Betsy, she's singin' just like Patsy Cline
Sendin’ shivers chasin' each other up and down my spine...
Roy Forbes is banging that battered old Gurian guitar and almost dancing as he taps his feet to the music. He’s crowding 60, but the kid can still rock.
The smoke haze is risin', the liquor goes down The feet start tappin’, let's order a round
Roy is celebrating forty years in the music business with a pair of packed concerts at the Deep Cove Theatre. Typically, the crowd knows all the words, and half of them are singing along. And typically, the two concerts are benefits for the theatre. In fact the mixing board, microphones and some other equipment being used in this concert were bought with proceeds from other benefits Roy has done here.
The music business doesn’t always treat nice guys well. It’s a racket that Hunter S. Thompson called a “...cruel and shallow money trench... where... good men die like dogs. There’s also a negative side.”
Roy Forbes grew up in Dawson Creek listening to records the way other kids grew up playing hockey. He soaked up all kinds of music, from country to torch, then spent his early teens playing twangy psychedelic rock with his high school band The Crystal Ship.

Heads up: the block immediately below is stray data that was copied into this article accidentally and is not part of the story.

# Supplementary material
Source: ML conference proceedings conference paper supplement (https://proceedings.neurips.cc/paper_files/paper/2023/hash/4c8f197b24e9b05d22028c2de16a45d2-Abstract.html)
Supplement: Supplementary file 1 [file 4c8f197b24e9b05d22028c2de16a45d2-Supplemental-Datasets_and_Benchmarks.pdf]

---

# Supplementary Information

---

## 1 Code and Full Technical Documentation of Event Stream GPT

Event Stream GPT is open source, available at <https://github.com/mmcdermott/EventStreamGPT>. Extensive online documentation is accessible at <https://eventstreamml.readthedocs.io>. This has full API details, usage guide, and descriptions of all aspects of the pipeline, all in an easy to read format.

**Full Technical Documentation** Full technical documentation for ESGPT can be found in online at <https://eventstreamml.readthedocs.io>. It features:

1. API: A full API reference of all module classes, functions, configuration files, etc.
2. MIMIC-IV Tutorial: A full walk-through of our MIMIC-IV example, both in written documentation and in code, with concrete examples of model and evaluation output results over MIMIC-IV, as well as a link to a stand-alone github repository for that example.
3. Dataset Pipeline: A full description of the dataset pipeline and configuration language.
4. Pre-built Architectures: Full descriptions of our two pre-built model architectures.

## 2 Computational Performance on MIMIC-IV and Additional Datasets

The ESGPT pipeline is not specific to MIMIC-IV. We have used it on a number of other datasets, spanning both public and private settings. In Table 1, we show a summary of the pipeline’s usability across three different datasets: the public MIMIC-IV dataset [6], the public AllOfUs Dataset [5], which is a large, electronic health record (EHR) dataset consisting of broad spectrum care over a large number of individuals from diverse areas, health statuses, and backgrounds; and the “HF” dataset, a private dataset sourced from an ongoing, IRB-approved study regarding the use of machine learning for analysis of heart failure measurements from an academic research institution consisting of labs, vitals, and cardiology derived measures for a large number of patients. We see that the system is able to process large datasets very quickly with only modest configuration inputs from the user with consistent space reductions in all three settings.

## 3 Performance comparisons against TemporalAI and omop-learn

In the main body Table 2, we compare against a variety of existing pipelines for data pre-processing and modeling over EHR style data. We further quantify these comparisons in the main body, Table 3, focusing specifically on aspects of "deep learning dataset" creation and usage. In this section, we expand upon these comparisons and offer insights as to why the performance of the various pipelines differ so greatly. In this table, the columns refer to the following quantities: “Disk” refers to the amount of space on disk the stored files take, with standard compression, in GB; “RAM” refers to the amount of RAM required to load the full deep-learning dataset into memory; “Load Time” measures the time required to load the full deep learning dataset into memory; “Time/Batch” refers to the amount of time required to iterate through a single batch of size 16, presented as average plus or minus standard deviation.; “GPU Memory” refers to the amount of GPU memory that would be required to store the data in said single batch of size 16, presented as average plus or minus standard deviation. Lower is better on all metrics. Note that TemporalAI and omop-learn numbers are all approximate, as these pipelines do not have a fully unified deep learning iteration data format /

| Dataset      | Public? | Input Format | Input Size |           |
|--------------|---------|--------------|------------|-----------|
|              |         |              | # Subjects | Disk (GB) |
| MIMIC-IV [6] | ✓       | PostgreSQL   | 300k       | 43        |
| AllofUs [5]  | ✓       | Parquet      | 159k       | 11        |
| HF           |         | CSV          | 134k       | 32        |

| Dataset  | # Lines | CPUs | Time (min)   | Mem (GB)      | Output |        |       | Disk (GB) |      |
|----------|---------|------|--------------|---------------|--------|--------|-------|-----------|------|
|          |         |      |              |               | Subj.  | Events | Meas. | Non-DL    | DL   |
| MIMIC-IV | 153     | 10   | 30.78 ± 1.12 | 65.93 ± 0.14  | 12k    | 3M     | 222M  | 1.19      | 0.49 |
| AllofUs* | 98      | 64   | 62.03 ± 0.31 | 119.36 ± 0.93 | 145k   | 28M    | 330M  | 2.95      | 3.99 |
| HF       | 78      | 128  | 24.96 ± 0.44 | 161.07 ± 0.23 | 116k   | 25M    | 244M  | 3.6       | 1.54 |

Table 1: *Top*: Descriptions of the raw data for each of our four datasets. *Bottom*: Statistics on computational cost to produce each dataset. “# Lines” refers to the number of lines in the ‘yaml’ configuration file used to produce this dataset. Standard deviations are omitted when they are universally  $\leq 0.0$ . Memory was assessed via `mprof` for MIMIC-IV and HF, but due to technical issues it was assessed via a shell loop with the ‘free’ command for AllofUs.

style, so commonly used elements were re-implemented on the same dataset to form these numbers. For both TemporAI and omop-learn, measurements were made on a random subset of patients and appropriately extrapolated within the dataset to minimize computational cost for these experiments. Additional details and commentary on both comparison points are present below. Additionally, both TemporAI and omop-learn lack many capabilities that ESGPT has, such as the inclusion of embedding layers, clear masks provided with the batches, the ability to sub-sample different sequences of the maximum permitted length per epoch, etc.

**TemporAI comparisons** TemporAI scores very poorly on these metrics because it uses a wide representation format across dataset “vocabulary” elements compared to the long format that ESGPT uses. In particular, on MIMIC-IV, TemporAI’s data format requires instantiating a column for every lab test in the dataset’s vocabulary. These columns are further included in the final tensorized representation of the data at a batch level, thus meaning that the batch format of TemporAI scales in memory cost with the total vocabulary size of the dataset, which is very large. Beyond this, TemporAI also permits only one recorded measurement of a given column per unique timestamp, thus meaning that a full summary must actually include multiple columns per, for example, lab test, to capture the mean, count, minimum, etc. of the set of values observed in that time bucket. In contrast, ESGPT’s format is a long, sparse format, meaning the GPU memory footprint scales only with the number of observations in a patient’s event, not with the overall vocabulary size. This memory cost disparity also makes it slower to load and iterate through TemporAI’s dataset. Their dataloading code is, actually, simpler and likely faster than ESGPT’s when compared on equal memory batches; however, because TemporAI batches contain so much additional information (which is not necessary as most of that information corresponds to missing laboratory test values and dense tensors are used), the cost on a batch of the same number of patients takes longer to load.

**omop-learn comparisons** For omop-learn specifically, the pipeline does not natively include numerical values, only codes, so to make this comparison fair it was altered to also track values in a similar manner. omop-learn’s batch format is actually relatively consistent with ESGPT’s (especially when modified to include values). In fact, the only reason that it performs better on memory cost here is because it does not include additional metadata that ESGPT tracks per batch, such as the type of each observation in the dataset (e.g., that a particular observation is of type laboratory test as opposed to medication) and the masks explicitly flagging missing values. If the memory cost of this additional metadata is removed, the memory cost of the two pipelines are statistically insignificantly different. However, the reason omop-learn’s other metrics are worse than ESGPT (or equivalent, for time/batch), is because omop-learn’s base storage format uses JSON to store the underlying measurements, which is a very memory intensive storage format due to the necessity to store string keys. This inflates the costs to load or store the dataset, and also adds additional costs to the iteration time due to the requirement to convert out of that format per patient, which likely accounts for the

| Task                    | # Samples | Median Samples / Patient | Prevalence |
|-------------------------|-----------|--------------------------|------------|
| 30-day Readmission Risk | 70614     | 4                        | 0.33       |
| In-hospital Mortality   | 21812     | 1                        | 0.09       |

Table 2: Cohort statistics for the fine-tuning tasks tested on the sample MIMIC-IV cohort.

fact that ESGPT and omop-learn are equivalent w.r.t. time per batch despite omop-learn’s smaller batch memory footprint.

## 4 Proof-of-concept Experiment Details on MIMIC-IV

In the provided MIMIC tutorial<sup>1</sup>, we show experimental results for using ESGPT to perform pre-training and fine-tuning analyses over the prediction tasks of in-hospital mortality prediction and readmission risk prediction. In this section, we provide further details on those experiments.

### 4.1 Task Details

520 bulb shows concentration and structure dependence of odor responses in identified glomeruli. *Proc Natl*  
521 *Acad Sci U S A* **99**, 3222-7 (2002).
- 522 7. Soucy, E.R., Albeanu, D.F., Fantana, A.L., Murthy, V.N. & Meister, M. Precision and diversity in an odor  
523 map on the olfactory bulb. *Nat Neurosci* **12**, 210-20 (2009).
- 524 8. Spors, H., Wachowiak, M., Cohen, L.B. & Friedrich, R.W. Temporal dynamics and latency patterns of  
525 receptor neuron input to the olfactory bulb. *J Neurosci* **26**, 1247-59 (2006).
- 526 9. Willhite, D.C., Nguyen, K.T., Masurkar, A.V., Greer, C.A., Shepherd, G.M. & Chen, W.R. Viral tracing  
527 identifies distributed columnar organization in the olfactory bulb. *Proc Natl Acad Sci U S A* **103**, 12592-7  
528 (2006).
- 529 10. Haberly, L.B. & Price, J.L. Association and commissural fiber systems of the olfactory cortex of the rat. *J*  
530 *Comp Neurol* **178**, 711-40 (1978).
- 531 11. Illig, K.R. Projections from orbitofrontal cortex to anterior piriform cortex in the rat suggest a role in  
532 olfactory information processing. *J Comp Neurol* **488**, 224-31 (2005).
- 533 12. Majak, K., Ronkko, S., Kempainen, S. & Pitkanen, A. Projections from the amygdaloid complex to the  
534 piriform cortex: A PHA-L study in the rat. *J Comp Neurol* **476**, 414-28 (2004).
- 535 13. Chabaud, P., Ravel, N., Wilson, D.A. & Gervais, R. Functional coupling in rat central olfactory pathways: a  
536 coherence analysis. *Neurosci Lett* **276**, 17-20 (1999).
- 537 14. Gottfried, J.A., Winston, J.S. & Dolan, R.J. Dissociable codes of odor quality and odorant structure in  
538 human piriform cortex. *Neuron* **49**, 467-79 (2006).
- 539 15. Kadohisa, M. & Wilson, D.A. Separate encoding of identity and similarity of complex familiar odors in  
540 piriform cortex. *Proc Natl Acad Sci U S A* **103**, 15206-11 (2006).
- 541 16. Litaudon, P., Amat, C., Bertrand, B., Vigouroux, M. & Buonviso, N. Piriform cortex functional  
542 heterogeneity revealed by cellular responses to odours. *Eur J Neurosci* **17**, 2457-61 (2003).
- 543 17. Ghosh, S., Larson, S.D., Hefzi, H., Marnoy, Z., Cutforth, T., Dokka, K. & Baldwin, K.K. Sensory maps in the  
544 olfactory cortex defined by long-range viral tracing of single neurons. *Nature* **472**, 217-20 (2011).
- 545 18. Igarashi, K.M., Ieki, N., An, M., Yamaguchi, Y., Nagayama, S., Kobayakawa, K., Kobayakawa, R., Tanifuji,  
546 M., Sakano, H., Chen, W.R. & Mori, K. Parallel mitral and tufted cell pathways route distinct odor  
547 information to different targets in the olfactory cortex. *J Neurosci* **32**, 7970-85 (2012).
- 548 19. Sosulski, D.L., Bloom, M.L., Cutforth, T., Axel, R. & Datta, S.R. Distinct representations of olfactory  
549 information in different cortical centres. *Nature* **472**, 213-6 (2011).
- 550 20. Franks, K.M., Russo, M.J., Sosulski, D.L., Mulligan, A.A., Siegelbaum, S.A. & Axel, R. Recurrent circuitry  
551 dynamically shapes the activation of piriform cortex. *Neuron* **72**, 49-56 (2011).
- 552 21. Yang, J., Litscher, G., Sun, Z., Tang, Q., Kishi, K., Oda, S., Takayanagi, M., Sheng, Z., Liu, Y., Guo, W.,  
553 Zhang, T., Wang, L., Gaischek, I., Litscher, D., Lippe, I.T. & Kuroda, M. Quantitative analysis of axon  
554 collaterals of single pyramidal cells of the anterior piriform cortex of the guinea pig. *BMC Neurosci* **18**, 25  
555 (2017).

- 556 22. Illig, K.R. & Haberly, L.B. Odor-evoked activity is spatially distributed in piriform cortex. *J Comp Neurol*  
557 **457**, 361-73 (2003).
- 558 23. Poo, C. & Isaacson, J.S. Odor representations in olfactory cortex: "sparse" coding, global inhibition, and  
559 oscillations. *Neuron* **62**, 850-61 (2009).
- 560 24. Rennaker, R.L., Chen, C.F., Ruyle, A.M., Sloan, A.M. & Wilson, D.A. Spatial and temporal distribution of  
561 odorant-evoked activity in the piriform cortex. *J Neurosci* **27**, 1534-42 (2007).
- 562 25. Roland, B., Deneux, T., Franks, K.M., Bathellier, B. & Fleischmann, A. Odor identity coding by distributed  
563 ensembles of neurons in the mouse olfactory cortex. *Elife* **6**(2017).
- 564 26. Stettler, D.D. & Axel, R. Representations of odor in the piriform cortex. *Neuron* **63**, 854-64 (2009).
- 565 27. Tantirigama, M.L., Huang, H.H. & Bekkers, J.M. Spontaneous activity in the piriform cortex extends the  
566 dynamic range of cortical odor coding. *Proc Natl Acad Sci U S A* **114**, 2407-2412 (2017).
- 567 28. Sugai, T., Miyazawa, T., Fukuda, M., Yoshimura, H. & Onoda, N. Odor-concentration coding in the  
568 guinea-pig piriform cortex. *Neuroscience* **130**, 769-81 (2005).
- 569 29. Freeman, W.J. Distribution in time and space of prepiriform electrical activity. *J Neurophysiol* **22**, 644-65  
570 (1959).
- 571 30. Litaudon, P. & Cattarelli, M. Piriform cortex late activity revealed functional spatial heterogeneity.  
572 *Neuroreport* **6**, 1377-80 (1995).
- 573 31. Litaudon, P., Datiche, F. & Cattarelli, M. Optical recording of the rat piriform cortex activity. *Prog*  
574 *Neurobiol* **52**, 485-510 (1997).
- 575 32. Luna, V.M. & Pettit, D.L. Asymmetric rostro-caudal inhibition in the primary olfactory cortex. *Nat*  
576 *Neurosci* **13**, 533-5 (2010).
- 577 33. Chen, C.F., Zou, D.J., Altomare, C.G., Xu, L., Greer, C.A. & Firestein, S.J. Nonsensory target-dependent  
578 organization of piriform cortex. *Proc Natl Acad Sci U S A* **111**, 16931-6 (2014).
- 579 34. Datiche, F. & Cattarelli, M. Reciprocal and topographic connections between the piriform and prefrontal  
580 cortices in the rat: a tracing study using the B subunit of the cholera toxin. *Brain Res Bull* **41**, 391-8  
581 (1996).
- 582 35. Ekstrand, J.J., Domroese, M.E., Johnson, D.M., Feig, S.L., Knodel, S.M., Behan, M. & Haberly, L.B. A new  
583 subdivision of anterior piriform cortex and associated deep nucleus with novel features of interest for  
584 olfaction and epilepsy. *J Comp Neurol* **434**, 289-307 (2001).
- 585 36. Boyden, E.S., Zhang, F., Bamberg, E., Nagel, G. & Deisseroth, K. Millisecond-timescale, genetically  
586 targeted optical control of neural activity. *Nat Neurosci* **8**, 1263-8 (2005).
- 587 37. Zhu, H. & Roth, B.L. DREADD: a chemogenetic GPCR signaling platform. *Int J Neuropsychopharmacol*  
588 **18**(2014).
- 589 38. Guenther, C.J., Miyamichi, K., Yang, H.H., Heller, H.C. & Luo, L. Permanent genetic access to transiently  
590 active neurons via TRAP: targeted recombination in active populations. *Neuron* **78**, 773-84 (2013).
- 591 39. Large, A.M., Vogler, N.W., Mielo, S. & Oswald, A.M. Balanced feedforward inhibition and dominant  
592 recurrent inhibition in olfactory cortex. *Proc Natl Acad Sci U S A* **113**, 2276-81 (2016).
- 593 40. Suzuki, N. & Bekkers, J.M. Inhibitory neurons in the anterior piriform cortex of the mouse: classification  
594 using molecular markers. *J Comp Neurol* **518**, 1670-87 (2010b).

The summer after high school he headed to the coast as a solo act -- just him, his guitar and his songs. He made a pretty big splash and even caught the attention of the late Chuck Davis, who wrote in the July 1971 section of The Greater Vancouver Book:
“He called himself Bim. He was sensational.”
It’s the voice that gets your attention first – a high lonesome keening that can plunge down into a sultry contralto so fast you get butterflies. In an autotuned world it stands out as genuine and unmistakeable. His first record, Kid Full of Dreams, came out in 1975, and got a Juno nomination.
Bim played the Queen Elizabeth Theatre, lived in LA for a couple of years in the early seventies, and toured all over North America opening for megastars like Supertramp and Santana. It wasn’t as glamourous as it sounds. The rock fans were often impatient for their idols, and didn’t always appreciate Bim’s music. Things may have even been thrown onto the stage on occasion. Sometimes brevity was the soul of wit.
“We got through our half-hour set in twenty minutes and got off the stage,” Roy recalls.